Hernandez’s looming return figures to be big boost for Blue Jays

Arash Madani and Arden Zwelling speak about how it will affect the rest of the roster when Teoscar Hernandez and Hyun-Jin Ryu come back from their injuries.

CLEVELAND — Teoscar Hernandez’s locker in the visitors’ clubhouse at Progressive Field had everything. Training tops, hoodies, and track pants draped from hangers. A fresh powder blue uniform with his number 37 on the back. A row of cleats, including the pink pair with hearts on the back fresh out of the box ahead of Sunday’s Mother’s Day matinee.

Everything but him. As the Toronto Blue Jays prepared to open a four-game set with the Cleveland Guardians on Thursday, Hernandez remained a couple thousand kilometres away in Dunedin, Fla., where he was scheduled to bat second and play the outfield in an A-ball game.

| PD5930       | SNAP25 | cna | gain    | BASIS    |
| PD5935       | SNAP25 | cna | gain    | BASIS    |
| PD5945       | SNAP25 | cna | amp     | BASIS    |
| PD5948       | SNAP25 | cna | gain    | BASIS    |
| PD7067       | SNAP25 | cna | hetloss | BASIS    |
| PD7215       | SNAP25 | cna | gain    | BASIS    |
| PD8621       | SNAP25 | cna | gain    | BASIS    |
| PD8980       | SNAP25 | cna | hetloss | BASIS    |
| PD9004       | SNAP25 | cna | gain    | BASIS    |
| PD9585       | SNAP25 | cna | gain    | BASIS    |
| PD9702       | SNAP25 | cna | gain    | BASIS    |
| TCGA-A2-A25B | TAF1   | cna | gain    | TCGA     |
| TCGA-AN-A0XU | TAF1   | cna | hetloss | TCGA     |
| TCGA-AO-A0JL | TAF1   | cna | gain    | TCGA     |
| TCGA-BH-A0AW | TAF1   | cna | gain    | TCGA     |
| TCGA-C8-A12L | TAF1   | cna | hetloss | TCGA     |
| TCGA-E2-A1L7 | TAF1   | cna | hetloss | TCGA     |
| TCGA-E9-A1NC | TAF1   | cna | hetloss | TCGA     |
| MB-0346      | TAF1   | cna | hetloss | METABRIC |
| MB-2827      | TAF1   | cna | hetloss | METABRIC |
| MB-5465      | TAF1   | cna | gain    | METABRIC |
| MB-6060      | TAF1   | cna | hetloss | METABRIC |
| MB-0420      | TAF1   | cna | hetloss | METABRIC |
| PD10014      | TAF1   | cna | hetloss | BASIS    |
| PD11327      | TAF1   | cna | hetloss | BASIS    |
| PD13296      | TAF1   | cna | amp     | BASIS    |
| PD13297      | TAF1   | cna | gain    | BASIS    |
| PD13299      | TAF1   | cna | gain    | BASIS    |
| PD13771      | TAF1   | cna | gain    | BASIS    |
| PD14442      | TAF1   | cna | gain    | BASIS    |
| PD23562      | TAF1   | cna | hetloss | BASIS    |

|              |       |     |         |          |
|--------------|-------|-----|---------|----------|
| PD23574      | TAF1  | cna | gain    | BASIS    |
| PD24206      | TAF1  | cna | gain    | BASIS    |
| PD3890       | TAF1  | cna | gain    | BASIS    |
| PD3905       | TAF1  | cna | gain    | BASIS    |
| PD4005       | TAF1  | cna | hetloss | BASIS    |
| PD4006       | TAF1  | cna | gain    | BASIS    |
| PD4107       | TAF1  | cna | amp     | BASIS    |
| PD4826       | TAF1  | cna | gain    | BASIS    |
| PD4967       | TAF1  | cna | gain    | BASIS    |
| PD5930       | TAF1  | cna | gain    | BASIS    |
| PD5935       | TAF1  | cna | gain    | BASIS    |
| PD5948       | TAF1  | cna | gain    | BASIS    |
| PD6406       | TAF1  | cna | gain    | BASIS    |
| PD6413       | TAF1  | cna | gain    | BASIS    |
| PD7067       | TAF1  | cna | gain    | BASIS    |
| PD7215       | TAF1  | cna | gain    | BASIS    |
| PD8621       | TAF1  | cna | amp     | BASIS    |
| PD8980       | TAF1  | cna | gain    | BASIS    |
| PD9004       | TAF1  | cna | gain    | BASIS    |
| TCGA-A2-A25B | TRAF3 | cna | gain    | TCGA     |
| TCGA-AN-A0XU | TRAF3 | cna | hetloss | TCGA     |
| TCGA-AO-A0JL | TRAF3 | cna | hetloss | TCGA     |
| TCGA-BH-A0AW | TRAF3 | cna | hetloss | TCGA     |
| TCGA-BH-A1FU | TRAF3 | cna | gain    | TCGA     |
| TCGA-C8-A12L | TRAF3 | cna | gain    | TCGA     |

There was some hope that Hernandez, out for three weeks due to an oblique strain, might be ready to return to major-league duty Thursday on a chilly night along Lake Erie’s southern shore. But after he went 3-for 7 over a couple games with Dunedin earlier this week, a decision was made to give him one more tune-up, one more opportunity to get the engine humming before reclaiming his rightful cleanup position in the Blue Jays batting order on Friday or — if that game’s rained out — Saturday.

“That’s the hope, yeah. It depends how it goes [Thursday]. But that’s our plan. That’s what we’re thinking,” said Blue Jays manager Charlie Montoyo. “He felt like he needed one more. He’s going to play in the outfield, seven to nine innings. And then we’ll go from there.”